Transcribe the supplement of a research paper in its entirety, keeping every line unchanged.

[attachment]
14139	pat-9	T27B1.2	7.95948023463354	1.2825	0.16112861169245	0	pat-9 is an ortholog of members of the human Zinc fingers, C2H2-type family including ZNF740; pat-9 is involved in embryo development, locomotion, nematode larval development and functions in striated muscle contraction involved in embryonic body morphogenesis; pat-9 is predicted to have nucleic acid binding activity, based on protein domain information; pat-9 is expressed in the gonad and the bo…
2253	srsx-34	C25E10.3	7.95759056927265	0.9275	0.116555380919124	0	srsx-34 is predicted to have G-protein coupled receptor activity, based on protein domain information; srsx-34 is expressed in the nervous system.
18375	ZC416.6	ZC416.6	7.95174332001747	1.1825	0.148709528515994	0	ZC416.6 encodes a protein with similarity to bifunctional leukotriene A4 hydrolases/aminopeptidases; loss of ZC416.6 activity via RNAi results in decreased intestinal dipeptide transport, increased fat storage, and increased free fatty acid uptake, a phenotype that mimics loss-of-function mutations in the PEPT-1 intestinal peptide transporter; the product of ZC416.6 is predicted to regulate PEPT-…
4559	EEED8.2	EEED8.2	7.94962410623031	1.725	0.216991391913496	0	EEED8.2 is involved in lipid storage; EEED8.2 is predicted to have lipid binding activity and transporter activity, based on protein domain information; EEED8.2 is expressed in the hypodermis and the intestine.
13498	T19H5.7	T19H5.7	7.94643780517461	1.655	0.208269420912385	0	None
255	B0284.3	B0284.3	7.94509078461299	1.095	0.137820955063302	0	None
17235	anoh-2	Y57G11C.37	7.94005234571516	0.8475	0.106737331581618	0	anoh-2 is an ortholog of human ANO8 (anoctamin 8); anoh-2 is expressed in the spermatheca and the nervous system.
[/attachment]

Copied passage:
14139	pat-9	T27B1.2	7.95948023463354	1.2825	0.16112861169245	0	pat-9 is an ortholog of members of the human Zinc fingers, C2H2-type family including ZNF740; pat-9 is involved in embryo development, locomotion, nematode larval development and functions in striated muscle contraction involved in embryonic body morphogenesis; pat-9 is predicted to have nucleic acid binding activity, based on protein domain information; pat-9 is expressed in the gonad and the bo…
2253	srsx-34	C25E10.3	7.95759056927265	0.9275	0.116555380919124	0	srsx-34 is predicted to have G-protein coupled receptor activity, based on protein domain information; srsx-34 is expressed in the nervous system.
18375	ZC416.6	ZC416.6	7.95174332001747	1.1825	0.148709528515994	0	ZC416.6 encodes a protein with similarity to bifunctional leukotriene A4 hydrolases/aminopeptidases; loss of ZC416.6 activity via RNAi results in decreased intestinal dipeptide transport, increased fat storage, and increased free fatty acid uptake, a phenotype that mimics loss-of-function mutations in the PEPT-1 intestinal peptide transporter; the product of ZC416.6 is predicted to regulate PEPT-…
4559	EEED8.2	EEED8.2	7.94962410623031	1.725	0.216991391913496	0	EEED8.2 is involved in lipid storage; EEED8.2 is predicted to have lipid binding activity and transporter activity, based on protein domain information; EEED8.2 is expressed in the hypodermis and the intestine.
13498	T19H5.7	T19H5.7	7.94643780517461	1.655	0.208269420912385	0	None
255	B0284.3	B0284.3	7.94509078461299	1.095	0.137820955063302	0	None
17235	anoh-2	Y57G11C.37	7.94005234571516	0.8475	0.106737331581618	0	anoh-2 is an ortholog of human ANO8 (anoctamin 8); anoh-2 is expressed in the spermatheca and the nervous system.